Both of these books address the risks of nuclear terrorism and proliferation. Sokolski’s slim, urgent volume describes different attitudes to the spread of nuclear weapons and outlines a largely geopolitical approach to reducing the likelihood of proliferation. He recommends more dialogue among China, Russia, and the United States; suggests that nuclear powers should deploy their weapons in ways that reduce the risks of inadvertent escalation; and counsels those powers to update the safeguards surrounding exports of civil nuclear reactors.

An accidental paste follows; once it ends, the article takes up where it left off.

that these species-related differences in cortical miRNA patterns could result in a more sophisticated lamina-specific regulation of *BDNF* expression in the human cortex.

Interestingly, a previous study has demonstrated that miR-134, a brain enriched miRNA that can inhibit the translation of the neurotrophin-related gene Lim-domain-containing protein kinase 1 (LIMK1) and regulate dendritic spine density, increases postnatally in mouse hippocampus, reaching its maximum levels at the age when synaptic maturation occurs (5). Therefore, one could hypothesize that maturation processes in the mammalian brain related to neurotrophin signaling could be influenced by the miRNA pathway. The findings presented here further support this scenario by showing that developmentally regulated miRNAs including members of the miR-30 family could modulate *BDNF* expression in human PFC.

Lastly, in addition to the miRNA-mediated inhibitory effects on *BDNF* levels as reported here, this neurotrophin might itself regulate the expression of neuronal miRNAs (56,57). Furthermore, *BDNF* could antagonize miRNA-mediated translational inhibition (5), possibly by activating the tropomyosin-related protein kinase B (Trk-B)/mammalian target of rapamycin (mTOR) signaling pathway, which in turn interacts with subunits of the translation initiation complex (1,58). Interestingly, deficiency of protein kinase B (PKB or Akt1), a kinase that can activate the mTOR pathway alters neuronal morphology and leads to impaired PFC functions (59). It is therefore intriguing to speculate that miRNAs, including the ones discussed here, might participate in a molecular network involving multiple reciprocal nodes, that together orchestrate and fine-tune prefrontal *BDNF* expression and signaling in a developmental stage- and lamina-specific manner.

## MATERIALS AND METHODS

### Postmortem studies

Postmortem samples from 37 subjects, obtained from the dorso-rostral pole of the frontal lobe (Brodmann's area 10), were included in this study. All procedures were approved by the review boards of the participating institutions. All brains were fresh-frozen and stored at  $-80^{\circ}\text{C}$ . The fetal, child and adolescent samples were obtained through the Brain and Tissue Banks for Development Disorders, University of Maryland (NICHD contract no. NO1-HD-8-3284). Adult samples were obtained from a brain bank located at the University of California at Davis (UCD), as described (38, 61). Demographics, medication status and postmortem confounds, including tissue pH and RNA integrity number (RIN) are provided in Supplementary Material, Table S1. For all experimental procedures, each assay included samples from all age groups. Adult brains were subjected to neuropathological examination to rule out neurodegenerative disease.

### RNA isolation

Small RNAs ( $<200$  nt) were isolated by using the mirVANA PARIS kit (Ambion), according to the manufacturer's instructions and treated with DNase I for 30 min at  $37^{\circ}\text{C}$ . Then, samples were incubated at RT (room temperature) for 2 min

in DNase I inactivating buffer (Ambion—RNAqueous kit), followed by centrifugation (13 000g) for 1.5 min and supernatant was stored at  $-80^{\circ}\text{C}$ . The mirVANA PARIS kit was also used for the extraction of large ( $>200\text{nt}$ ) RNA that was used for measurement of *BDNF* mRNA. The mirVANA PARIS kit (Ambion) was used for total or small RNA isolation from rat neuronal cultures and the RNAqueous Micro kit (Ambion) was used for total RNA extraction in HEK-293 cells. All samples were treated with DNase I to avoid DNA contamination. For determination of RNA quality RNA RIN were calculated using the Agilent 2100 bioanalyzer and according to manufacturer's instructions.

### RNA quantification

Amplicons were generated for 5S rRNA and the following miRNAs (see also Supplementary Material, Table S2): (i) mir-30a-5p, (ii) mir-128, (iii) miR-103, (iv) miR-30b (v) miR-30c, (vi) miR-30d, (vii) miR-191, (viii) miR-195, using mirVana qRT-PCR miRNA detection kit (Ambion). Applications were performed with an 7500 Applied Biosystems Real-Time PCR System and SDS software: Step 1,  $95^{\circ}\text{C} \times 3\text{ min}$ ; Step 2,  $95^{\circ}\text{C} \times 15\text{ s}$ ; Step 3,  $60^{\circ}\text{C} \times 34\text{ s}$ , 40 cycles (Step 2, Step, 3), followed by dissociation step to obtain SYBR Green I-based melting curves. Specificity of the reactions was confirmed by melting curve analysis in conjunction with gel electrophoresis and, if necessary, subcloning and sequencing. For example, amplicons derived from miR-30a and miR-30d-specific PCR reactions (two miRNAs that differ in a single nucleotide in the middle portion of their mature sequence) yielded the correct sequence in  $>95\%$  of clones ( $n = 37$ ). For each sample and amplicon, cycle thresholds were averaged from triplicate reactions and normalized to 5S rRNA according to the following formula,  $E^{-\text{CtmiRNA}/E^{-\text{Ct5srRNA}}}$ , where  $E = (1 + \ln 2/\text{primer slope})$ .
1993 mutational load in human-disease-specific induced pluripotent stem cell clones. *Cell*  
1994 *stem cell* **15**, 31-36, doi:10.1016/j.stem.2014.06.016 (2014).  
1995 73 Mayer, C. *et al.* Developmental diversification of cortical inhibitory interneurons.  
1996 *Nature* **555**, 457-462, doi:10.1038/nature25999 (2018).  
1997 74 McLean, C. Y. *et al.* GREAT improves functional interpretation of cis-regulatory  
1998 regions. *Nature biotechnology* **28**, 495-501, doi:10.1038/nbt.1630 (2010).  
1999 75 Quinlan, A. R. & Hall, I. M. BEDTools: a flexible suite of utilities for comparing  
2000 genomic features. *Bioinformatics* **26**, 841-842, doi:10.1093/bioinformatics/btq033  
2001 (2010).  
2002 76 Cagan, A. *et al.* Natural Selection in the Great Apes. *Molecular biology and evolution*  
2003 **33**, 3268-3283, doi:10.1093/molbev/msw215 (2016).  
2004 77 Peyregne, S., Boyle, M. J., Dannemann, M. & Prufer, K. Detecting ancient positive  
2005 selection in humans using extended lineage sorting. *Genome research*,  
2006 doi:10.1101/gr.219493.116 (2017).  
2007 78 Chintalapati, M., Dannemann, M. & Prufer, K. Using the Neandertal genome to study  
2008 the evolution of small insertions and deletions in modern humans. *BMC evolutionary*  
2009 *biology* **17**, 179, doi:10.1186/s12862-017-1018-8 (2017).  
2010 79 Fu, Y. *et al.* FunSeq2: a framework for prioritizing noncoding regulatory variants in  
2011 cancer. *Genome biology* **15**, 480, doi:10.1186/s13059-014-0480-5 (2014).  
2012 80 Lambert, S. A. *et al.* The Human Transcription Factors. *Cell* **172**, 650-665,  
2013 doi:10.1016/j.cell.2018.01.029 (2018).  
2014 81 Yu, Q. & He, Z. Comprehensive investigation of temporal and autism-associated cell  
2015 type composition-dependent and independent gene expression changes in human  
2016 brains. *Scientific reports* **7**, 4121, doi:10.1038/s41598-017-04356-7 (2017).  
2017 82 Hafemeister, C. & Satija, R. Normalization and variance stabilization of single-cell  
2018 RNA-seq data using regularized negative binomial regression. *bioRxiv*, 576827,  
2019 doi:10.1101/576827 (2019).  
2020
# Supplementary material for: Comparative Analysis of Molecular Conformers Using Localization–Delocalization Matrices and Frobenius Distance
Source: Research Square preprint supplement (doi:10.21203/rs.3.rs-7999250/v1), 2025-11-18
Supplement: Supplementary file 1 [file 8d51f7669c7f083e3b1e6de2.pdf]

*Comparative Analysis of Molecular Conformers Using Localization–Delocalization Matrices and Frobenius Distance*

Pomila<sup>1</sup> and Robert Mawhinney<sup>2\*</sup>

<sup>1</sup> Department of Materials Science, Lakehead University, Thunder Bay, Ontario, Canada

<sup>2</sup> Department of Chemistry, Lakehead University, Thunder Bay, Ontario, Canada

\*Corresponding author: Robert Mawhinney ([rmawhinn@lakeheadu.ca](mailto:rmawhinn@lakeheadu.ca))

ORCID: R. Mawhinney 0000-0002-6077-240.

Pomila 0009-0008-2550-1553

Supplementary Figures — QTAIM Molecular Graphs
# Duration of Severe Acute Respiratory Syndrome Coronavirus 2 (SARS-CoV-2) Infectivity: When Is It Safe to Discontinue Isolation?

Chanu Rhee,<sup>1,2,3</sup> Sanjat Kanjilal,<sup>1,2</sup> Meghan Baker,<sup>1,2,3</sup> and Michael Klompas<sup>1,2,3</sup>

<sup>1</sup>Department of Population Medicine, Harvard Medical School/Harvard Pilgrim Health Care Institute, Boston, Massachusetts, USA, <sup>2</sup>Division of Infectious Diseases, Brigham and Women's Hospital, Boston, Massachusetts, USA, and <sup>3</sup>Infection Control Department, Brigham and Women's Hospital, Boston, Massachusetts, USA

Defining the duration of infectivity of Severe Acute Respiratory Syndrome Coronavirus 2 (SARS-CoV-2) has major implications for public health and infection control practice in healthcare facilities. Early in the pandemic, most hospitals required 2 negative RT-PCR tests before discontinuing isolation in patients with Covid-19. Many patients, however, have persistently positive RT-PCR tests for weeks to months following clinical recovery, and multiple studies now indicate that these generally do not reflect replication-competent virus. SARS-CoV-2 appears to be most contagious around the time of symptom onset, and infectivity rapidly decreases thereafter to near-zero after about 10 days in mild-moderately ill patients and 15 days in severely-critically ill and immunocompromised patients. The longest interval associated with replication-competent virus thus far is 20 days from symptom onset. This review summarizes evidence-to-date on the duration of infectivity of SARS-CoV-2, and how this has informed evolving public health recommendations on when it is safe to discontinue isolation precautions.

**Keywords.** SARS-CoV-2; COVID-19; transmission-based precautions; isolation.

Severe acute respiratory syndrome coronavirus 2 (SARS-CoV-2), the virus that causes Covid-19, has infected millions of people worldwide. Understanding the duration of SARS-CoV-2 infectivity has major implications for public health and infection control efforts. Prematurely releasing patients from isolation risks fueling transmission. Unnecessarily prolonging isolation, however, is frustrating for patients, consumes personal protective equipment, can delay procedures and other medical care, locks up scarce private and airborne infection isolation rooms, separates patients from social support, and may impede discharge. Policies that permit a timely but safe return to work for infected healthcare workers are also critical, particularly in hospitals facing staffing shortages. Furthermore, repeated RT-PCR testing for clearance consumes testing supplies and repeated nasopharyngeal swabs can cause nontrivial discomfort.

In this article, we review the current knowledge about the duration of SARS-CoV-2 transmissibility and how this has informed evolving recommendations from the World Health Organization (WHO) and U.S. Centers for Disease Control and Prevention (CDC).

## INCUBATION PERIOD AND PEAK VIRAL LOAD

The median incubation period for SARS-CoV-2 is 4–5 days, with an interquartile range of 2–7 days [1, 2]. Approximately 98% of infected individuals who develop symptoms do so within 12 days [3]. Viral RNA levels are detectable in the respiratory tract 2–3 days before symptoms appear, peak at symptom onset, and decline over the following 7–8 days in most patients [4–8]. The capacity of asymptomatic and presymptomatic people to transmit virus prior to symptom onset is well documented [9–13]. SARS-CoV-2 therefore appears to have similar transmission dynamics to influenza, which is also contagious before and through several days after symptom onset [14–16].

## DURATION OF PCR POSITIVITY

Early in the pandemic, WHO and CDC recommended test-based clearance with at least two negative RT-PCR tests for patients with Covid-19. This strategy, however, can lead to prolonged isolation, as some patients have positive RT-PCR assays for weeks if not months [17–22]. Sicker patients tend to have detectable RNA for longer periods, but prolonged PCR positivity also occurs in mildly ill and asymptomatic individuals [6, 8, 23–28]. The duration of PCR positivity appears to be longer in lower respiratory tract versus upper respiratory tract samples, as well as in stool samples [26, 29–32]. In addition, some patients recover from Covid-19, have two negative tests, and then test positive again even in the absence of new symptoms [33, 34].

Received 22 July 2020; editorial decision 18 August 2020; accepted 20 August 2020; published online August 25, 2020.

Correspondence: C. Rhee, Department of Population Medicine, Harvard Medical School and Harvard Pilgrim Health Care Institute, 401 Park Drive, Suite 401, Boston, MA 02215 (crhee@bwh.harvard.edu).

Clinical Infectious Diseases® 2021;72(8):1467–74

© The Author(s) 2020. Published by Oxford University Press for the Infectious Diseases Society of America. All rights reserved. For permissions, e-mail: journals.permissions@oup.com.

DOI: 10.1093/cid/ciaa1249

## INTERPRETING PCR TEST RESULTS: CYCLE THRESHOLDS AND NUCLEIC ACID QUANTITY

Poneman has even higher ambitions. He says that there are two existential threats to human existence: climate change and nuclear proliferation and terrorism. The first, he argues, requires a greater investment in nuclear energy to reduce humanity’s dependence on carbon fuels—but this, he notes, risks aggravating the second threat. So his recommendations address both threats together. He proposes shifting to lower-carbon energy sources, including nuclear power; fully implementing the Paris climate agreement; and, among other nonproliferation moves, eliminating the North Korean nuclear threat. It’s a daunting list.